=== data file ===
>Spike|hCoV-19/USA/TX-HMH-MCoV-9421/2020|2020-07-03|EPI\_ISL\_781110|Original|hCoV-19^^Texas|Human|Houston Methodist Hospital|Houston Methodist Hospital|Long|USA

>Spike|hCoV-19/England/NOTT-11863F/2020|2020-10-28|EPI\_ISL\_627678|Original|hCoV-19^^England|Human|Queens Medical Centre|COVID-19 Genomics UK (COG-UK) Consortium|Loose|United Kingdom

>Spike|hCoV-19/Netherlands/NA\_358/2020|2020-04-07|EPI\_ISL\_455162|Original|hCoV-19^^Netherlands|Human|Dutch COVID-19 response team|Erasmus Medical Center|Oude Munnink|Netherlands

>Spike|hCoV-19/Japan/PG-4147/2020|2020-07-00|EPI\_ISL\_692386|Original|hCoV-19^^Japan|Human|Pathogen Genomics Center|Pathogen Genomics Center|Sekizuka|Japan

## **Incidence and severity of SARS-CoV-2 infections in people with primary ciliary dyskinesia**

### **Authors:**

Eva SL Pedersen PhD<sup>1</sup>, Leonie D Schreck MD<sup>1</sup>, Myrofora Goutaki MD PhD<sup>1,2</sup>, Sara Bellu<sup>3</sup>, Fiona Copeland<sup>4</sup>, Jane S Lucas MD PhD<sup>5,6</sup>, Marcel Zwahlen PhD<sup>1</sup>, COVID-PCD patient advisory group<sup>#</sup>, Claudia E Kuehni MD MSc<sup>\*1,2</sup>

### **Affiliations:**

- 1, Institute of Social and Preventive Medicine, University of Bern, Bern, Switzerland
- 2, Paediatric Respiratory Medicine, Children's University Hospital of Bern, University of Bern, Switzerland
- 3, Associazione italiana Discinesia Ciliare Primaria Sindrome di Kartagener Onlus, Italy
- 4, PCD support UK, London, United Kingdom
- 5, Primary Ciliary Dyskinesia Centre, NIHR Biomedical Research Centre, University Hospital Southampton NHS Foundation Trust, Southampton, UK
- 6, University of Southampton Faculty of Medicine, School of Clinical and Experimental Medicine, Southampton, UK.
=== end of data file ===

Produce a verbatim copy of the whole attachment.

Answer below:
>Spike|hCoV-19/USA/TX-HMH-MCoV-9421/2020|2020-07-03|EPI\_ISL\_781110|Original|hCoV-19^^Texas|Human|Houston Methodist Hospital|Houston Methodist Hospital|Long|USA

>Spike|hCoV-19/England/NOTT-11863F/2020|2020-10-28|EPI\_ISL\_627678|Original|hCoV-19^^England|Human|Queens Medical Centre|COVID-19 Genomics UK (COG-UK) Consortium|Loose|United Kingdom

>Spike|hCoV-19/Netherlands/NA\_358/2020|2020-04-07|EPI\_ISL\_455162|Original|hCoV-19^^Netherlands|Human|Dutch COVID-19 response team|Erasmus Medical Center|Oude Munnink|Netherlands

>Spike|hCoV-19/Japan/PG-4147/2020|2020-07-00|EPI\_ISL\_692386|Original|hCoV-19^^Japan|Human|Pathogen Genomics Center|Pathogen Genomics Center|Sekizuka|Japan

## **Incidence and severity of SARS-CoV-2 infections in people with primary ciliary dyskinesia**

### **Authors:**

Eva SL Pedersen PhD<sup>1</sup>, Leonie D Schreck MD<sup>1</sup>, Myrofora Goutaki MD PhD<sup>1,2</sup>, Sara Bellu<sup>3</sup>, Fiona Copeland<sup>4</sup>, Jane S Lucas MD PhD<sup>5,6</sup>, Marcel Zwahlen PhD<sup>1</sup>, COVID-PCD patient advisory group<sup>#</sup>, Claudia E Kuehni MD MSc<sup>\*1,2</sup>

### **Affiliations:**

- 1, Institute of Social and Preventive Medicine, University of Bern, Bern, Switzerland
- 2, Paediatric Respiratory Medicine, Children's University Hospital of Bern, University of Bern, Switzerland
- 3, Associazione italiana Discinesia Ciliare Primaria Sindrome di Kartagener Onlus, Italy
- 4, PCD support UK, London, United Kingdom
- 5, Primary Ciliary Dyskinesia Centre, NIHR Biomedical Research Centre, University Hospital Southampton NHS Foundation Trust, Southampton, UK
- 6, University of Southampton Faculty of Medicine, School of Clinical and Experimental Medicine, Southampton, UK.